University of Maryland Extension

October, November, & December Wildlife Tips

eastern gray squirrel on tree stump
Eastern gray squirrel. Photo from USDA Forest Service Southern Research Station Archive, USDA Forest Service, SRS, Bugwood.org

(More tips from HGIC)

Occurrences

  • Squirrels are busy gathering nuts of oaks, hickories, and beech for the winter. They eat what they need and store the rest. Gray squirrels bury nuts at many locations. They find their nuts by sense of smell and memory and may end up eating nuts buried by other squirrels.

  • Hummingbirds migrate in response to changes in day length and other environmental cues. Leave your hummingbird feeders up to make food available for late migrants.

  • Black rat snakes may still be hatching in October. These harmless baby snakes are not black at hatching but are a light gray with dark brown rectangular markings down the back. Their length at hatching is around 10 inches.

  • Eastern box turtle hatchlings may be found in the landscape. If you find one consider yourself lucky to have box turtles actually reproducing in your area. Box turtles throughout our area are on a rapid decline, seriously threatened by development and cars. No matter how cute it is, do not keep the baby turtle as a pet. Baby box turtles are very difficult to raise in captivity and often die.

Attracting

  • When planning your wildlife-friendly backyard don’t forget to include native trees and shrubs that produce fall and winter persistent fruits. The fruits are an important food source for migratory birds, winter residents, and other wildlife. The plants also offer nest sites and cover. Some fall fruiting trees and shrubs include dogwood, persimmon, black gum, oaks (acorns), and eastern white pine (seed-bearing cones). (PDF HG 120 Native Plants of Maryland)

  • Some fall fruiting native trees and shrubs with winter persistent fruits include: Eastern red cedar, sumac, American cranberry bush viburnum, Northern bayberry, American holly, and winterberry holly (include male and female plants for cross-pollination). Fruits of these trees and shrubs may remain long after ripening and may not be eaten by birds until frozen and thawed many times. These are important food sources for overwintering birds and early spring arrivals.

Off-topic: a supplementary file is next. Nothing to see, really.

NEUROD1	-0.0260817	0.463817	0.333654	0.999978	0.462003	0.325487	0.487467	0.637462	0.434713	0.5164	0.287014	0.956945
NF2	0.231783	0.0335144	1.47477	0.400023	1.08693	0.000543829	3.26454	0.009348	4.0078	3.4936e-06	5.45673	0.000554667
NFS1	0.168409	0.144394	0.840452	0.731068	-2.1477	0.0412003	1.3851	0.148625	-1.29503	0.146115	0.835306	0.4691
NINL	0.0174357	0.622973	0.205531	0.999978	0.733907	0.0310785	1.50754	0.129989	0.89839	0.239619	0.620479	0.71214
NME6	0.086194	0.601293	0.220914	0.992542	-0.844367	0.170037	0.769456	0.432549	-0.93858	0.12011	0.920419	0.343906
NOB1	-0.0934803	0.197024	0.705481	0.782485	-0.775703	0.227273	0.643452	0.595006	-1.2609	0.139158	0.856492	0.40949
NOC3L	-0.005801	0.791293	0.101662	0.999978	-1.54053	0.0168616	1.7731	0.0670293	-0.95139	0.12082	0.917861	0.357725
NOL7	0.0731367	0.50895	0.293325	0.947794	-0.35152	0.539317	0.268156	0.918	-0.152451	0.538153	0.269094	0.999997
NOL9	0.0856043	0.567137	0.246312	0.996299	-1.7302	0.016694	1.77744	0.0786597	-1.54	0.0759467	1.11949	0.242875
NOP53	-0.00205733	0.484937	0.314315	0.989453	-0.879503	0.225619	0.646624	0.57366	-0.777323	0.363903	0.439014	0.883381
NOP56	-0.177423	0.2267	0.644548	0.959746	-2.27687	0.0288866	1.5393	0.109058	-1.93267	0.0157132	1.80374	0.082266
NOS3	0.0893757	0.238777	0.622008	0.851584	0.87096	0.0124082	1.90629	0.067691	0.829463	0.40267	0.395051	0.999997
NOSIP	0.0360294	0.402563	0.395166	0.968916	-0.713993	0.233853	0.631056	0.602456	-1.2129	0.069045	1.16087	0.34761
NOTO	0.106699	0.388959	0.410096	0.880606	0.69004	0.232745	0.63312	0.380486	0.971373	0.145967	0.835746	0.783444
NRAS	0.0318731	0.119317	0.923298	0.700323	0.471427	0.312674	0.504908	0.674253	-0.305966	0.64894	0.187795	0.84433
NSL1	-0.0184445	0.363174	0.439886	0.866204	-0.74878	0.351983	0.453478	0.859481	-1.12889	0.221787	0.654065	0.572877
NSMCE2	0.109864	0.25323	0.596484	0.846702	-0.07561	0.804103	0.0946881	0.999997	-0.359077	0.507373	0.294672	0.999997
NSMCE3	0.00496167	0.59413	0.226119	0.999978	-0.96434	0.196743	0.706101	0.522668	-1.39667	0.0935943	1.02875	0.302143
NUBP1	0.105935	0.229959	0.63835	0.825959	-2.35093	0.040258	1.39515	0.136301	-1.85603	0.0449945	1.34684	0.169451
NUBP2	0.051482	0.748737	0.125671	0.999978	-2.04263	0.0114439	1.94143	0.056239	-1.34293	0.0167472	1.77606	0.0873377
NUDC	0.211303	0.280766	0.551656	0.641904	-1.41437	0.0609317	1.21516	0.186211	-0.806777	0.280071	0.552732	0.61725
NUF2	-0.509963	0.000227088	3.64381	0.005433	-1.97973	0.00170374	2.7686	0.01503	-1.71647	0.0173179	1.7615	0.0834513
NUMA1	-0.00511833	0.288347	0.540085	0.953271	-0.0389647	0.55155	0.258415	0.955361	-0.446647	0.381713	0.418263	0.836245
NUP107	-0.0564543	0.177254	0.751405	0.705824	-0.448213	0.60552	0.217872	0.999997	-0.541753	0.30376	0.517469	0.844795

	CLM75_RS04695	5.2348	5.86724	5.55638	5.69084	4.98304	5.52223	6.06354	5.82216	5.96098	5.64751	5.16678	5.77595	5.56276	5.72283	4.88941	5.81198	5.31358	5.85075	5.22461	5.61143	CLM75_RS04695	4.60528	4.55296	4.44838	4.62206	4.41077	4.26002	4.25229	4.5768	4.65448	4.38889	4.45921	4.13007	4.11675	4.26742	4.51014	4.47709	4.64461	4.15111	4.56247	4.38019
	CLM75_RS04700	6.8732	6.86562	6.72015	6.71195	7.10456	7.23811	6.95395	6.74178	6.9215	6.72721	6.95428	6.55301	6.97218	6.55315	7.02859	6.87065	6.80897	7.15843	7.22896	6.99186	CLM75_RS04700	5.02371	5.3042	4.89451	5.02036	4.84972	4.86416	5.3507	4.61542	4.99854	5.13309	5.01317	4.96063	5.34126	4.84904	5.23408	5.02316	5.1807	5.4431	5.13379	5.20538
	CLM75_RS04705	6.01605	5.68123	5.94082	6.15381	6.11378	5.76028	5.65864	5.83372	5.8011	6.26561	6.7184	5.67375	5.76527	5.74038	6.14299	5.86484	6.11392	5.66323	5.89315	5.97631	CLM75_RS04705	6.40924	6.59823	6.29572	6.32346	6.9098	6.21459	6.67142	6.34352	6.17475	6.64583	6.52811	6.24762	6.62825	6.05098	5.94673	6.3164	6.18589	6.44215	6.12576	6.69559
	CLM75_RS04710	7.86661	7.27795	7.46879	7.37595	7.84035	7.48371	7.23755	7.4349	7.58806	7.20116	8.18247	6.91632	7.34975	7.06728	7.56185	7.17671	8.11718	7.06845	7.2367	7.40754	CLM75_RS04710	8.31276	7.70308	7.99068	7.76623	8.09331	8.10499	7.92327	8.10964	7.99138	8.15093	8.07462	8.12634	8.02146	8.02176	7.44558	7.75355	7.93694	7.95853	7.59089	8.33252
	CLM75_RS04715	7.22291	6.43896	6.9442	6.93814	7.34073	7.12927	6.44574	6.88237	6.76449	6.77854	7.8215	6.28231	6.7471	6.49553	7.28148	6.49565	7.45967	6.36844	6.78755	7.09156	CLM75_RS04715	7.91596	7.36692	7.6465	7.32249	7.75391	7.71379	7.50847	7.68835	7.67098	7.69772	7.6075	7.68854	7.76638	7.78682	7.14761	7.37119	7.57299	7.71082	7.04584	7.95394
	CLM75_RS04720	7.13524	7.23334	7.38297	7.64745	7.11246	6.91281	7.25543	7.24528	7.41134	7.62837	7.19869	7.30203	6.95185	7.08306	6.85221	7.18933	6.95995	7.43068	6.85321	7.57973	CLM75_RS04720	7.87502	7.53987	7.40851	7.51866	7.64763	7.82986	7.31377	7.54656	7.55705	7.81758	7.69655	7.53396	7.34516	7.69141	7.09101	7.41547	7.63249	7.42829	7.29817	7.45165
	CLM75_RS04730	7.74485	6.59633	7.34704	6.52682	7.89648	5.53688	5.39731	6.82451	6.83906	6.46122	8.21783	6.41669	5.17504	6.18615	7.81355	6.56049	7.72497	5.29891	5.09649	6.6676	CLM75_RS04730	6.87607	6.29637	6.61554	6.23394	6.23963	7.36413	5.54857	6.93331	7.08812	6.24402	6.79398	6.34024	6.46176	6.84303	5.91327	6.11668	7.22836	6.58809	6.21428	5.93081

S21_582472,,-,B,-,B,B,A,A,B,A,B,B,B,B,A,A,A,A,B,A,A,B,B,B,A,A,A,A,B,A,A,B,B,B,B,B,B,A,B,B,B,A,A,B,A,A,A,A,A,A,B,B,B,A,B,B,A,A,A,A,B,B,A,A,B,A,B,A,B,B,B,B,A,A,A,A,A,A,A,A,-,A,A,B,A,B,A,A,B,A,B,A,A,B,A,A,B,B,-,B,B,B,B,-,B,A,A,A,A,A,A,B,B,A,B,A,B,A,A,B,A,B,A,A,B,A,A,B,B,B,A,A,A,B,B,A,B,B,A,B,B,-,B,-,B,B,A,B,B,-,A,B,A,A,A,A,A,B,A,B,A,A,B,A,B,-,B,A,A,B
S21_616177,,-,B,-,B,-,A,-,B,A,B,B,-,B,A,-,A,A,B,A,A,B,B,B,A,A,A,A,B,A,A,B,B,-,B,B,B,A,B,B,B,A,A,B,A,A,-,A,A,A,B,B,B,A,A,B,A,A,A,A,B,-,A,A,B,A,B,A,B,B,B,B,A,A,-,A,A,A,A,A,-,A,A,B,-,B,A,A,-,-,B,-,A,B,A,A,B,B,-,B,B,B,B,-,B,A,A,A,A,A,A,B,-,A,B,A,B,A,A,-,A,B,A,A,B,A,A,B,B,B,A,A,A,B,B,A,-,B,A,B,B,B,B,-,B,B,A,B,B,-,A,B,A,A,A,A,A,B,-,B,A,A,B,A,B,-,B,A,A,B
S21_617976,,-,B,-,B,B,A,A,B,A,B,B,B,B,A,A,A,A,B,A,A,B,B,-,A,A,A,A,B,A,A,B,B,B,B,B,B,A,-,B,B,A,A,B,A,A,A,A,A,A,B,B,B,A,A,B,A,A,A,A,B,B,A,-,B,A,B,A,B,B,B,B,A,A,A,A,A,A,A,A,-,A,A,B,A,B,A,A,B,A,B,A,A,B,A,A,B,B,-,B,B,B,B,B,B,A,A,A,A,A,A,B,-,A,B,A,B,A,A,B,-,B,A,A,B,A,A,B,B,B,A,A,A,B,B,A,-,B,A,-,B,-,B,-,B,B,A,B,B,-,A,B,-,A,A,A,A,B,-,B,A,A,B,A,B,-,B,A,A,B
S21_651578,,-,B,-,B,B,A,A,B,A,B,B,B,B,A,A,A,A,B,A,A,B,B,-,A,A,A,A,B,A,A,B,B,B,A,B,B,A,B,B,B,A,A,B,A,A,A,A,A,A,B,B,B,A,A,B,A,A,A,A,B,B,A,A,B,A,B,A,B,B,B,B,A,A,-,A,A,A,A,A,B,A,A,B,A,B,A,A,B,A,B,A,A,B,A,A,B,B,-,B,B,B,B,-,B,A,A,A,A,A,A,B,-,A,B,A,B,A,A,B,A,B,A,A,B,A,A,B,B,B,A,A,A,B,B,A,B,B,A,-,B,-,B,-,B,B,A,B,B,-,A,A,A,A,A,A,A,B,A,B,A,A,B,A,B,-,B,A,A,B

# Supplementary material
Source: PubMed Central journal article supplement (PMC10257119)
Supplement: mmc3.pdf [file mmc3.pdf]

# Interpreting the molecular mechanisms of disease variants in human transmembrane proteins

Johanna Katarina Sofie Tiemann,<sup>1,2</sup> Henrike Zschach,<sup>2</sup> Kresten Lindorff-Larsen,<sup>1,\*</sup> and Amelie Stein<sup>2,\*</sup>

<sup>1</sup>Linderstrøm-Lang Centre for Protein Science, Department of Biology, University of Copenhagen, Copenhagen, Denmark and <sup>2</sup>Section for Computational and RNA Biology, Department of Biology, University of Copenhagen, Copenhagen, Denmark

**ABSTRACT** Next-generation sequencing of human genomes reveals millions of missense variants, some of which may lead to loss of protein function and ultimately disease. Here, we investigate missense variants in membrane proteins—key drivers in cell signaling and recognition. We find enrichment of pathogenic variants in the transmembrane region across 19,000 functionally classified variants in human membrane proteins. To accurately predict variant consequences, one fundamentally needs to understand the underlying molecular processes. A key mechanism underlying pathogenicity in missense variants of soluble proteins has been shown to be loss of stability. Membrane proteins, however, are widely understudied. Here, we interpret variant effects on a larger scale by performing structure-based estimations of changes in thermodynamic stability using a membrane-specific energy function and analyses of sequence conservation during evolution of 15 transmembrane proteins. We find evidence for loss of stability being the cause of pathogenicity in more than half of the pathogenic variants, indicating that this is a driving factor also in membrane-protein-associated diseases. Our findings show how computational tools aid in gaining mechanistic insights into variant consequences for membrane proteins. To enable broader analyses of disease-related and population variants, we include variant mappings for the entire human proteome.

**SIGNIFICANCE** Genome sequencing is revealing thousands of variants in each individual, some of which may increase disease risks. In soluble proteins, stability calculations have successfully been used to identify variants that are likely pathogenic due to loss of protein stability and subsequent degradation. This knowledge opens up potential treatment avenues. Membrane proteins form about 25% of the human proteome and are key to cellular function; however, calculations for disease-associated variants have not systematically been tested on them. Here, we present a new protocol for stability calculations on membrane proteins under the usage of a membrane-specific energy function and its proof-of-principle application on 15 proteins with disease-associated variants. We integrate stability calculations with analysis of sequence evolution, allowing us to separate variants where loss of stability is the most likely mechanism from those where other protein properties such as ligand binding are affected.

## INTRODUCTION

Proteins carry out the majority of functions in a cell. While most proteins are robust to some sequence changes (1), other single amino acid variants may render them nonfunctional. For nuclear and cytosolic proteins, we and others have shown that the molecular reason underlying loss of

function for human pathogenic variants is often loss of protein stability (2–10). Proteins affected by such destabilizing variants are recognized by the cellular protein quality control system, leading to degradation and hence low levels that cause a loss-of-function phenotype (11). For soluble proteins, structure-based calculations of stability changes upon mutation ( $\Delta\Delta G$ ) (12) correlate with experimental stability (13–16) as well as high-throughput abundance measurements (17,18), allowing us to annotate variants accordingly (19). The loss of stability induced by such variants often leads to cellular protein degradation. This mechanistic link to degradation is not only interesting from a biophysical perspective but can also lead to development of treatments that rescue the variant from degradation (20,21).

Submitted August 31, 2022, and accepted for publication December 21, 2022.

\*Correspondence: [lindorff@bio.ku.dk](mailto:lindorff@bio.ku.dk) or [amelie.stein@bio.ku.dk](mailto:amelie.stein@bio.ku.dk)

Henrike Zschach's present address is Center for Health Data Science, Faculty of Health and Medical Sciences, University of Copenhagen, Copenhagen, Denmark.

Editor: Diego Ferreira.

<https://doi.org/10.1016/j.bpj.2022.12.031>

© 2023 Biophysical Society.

• Rake some leaves into your ornamental beds. The leaves serve as mulch which breaks down into organic matter. The mulch slowly releases nutrients and offers weed control. A layer of leaf litter also provides a valuable hibernating habitat for important predatory insects and other beneficial small animals such as frogs, toads and snakes.

  • Leave the large seedheads of black-eyed Susans, coneflowers, and native grasses for birds to feed on over the winter. Plants also offer shelter and provide winter interest in the garden.

  • Clean all nest boxes and feeders. Scrape and remove debris and scrub with hot, soapy water. Rinse and let dry. Some birds that are cavity nesters such as (chickadees and titmice) may use the nest boxes for roosting during the winter. 

  • Don’t put your birdbath away. Birds need fresh water for drinking and bathing throughout the fall season. Clean frequently and keep filled with fresh water.

  • Use your fall trimmings and leaves to build a brush pile in the corner of your yard or near the edge of a wooded area. Brush piles offer winter protection for ground-dwelling birds, small mammals and a hibernaculum for reptiles. 

Nuisance

  • Where voles are a problem try using mouse snap traps baited with apples. Fall is a good time to trap. Voles accept the bait readily after the first hard frost when desirable foods are less plentiful. Reduce populations before the winter when woody plant damage is greatest. (PDF) FS 654 - Reducing Vole Damage to Plants in Landscapes, Orchards and Nurseries.

  • Where deer are feeding on garden and landscape plants, you may need to use several approaches for control. Apply repellents such as “Liquid Fence”, ”Deer-Away”, “Deer-Off”, “Hinder” or “Ro-Pel” to vulnerable plants. If deer pressure is heavy, try rotating repellents. Small deodorant soap bars have been used with some success. Grow plants seldom damaged by deer and consider fencing options. (PDF) FS 655 - Resistance of Woody Ornamentals to Deer Damage.

  • House mice may be more noticeable around and in homes due to the onset of cool weather. Keep turf and weeds mowed closely around your house. Seal all cracks to prevent entry.




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